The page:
We know we have a job to do and do it to the best of our ability.
It’s not our place to be disrespectful to anyone in the organisation or a client.
There are lovely exceptions, but I boycott shops where the sales people are surly or unhelpful.
I’ve discovered a petrol station I return to each time I can bear to fill up, because the women who work there are darlings.
After a chat with one a while ago, I gave her a much bigger than normal tip because she was so friendly and went out of her way to be helpful.
She shouted out something to the other women attendants on the forecourt and they sang me a rousing goodbye as I drove out grinning and waving, my day made.
Also, in recent months I’ve given gifts to three different youngsters, and not been thanked.
It’s riled me.
Yes, I know I shouldn’t care, but if I’m honest, I really do.
While it’s the thought that counts in a present, it is also the acknowledgment that counts and frankly determines whether such generosity will be repeated.
Compare a blank silence to the squeal of delight and big hug I got from another youngster recently in response to me giving her something I’d made for her baby.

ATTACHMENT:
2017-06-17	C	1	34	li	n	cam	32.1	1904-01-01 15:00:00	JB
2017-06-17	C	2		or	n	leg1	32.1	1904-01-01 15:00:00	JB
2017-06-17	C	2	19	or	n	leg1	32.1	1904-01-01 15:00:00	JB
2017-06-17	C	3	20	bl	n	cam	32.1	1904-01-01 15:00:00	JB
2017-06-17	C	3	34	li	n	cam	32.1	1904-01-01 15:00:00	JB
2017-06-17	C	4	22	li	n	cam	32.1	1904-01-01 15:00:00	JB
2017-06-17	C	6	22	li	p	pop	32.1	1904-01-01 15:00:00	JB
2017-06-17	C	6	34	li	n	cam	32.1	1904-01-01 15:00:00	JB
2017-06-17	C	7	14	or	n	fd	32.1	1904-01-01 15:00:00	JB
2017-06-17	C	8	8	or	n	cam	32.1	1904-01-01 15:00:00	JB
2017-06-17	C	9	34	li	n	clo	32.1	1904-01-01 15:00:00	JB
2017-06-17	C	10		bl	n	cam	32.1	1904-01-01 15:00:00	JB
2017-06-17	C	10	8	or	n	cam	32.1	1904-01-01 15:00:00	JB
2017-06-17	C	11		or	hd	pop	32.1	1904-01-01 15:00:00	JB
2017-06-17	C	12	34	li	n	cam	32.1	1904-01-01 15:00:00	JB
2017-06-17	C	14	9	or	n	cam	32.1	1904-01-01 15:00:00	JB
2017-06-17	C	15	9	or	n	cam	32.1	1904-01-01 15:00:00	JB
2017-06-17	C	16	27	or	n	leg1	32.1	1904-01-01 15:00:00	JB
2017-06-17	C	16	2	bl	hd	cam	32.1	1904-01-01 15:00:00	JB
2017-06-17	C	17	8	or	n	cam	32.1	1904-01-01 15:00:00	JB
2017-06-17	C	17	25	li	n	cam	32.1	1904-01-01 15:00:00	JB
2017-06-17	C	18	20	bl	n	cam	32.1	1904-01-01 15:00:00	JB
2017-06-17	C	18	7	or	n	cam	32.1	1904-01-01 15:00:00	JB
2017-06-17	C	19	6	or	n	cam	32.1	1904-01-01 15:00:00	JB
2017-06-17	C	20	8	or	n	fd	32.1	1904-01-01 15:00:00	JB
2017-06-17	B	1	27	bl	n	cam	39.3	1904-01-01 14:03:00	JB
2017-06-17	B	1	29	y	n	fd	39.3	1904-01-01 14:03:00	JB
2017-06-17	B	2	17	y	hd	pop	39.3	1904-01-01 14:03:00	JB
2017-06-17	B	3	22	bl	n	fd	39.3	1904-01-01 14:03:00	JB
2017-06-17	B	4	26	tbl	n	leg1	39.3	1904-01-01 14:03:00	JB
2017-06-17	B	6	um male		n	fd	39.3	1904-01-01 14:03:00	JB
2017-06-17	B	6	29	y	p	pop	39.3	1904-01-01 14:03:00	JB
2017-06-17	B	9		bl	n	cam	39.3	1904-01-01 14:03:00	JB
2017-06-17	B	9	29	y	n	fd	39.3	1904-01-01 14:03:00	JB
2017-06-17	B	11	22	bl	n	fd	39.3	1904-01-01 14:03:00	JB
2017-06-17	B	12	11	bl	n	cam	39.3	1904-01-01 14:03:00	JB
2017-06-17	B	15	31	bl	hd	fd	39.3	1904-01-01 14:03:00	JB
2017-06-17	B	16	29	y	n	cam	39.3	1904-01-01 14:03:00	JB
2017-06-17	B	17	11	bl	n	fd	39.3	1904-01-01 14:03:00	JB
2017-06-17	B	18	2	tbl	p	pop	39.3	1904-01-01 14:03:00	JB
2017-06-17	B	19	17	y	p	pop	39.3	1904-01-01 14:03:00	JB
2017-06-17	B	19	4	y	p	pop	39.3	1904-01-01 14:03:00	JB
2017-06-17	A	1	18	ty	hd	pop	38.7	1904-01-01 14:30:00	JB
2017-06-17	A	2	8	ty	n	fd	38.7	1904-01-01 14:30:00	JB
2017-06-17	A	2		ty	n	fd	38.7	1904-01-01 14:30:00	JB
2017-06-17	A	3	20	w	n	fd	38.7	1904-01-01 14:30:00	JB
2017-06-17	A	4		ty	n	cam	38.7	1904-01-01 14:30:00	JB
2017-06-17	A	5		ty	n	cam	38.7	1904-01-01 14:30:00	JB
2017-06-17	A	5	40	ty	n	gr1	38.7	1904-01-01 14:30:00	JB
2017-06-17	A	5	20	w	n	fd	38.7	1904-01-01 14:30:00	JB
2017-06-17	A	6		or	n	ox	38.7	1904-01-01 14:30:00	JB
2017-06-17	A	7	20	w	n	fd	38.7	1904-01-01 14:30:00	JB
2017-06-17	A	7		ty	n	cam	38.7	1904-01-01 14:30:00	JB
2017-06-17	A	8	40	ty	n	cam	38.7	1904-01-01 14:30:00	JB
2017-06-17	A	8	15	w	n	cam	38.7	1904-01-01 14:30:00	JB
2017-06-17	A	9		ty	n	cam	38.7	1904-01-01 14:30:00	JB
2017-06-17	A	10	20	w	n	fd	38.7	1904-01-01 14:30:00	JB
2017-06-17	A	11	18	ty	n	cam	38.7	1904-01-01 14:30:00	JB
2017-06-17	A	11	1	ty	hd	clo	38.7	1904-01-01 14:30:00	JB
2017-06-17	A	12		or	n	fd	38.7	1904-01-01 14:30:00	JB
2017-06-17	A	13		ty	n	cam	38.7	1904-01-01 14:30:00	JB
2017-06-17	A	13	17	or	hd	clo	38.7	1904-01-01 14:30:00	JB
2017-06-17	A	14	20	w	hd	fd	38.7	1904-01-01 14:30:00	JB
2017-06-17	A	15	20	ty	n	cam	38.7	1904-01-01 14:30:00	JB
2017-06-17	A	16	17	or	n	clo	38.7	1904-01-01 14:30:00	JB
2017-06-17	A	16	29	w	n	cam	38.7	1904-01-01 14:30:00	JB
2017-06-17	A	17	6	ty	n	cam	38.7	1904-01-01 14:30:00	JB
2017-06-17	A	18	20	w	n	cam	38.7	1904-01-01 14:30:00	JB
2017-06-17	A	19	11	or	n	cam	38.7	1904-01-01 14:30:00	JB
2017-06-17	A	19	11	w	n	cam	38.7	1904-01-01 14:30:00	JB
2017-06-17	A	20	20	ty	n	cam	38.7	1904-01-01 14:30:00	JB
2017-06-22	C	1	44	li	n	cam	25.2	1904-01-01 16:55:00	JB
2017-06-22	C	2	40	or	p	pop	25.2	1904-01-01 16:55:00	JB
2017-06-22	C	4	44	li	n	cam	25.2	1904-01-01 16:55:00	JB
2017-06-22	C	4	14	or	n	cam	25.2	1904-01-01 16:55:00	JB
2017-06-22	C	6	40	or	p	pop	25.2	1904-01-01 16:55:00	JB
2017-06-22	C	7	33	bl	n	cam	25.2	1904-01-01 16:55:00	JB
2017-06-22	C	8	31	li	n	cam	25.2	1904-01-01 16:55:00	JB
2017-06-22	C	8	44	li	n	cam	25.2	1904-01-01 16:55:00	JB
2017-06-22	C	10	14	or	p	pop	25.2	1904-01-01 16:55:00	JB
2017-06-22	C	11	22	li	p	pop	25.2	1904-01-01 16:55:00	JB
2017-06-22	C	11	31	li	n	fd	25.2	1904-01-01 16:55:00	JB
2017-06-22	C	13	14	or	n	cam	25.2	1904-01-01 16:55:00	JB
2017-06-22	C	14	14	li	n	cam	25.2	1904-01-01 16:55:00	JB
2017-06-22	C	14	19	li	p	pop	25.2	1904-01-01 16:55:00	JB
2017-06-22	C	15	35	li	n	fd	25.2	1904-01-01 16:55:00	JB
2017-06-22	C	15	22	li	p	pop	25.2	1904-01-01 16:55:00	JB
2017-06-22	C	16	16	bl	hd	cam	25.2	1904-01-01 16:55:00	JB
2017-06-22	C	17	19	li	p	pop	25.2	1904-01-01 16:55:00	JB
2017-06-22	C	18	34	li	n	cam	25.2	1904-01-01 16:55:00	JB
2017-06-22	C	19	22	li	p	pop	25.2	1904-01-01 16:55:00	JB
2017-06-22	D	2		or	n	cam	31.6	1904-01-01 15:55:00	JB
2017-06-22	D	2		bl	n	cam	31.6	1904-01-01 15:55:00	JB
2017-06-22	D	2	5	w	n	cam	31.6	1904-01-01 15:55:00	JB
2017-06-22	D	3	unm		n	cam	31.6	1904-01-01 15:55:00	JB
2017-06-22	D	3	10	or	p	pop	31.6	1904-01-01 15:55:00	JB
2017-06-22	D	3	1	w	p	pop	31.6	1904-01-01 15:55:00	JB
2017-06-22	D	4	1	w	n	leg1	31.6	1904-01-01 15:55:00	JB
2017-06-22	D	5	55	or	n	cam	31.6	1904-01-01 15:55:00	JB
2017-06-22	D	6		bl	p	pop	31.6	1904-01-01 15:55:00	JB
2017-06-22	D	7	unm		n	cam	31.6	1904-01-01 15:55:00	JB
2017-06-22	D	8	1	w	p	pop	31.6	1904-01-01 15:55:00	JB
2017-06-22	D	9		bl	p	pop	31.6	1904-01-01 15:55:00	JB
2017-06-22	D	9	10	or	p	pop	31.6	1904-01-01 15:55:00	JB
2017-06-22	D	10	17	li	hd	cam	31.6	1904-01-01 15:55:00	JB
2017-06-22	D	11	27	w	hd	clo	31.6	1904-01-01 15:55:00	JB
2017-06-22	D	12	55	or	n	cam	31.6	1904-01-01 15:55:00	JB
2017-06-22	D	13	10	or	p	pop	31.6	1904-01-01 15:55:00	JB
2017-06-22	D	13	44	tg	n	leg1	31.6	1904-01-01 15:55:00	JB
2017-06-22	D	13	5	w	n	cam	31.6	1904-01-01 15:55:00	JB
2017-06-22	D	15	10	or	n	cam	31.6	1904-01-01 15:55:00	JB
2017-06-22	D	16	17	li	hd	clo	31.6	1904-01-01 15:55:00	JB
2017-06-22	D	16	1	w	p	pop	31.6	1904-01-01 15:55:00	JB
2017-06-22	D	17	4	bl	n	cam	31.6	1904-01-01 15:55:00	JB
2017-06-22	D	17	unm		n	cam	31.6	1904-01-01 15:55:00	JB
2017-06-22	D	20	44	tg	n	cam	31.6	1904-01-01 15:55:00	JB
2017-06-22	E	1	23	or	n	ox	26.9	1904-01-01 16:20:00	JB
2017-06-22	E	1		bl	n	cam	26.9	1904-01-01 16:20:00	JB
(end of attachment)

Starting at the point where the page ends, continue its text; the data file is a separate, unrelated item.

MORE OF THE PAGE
There’s more going her way, for sure.
Others have sent a polite Whatsapp or been genuinely appreciative at the time the gift was given.
The not insubstantial lift these gave me makes me want to repeat the exercise.
The lack of response from those who couldn’t be bothered to respond doesn’t motivate me to give to them again.
Manners also encompasses things like stepping back for an elder when you approach a door, acknowledging a thoughtful motorist giving you a gap in the traffic or a car stopping to let you cross safely in front of it.
A smile and wave do wonders in motivating for this kind of behaviour.
There’s also greeting someone in a friendly manner, which is really important. Manners maketh marvellous young adults, and fortunately, in my experience, I come across many marvellous young adults.
And now for something different.
A friend I was at school with, who I haven’t seen since about 1982 and who I’ve connected with on social media, posted this recently.
I love it:
Kurt Vonnegut in conversation with his wife.
He tells her he’s going out to buy an envelope.
“Oh,” she says.
“Well, you’re not a poor man.
“You know, why don’t you go online and buy a hundred envelopes and put them in the closet?”
And so I pretend not to hear her.
And go out to get an envelope because I’m going to have a hell of a good time in the process of buying one envelope.
I meet a lot of people.
And, see some great-looking babes.
And a fire engine goes by. And I give them the thumbs up.
And ask a woman what kind of dog that is.
And, and I don’t know …
“And, of course, the computers will do us out of that.
And what the computer people don’t realise, or they don’t care, is we’re dancing animals.
You know, we love to move around.
And, we’re not supposed to dance at all anymore.”
Go and buy an envelope this weekend.
And if you want to dance, do it, wherever you are.
I dare you.
• Stephanie Saville is the editor of The Witness.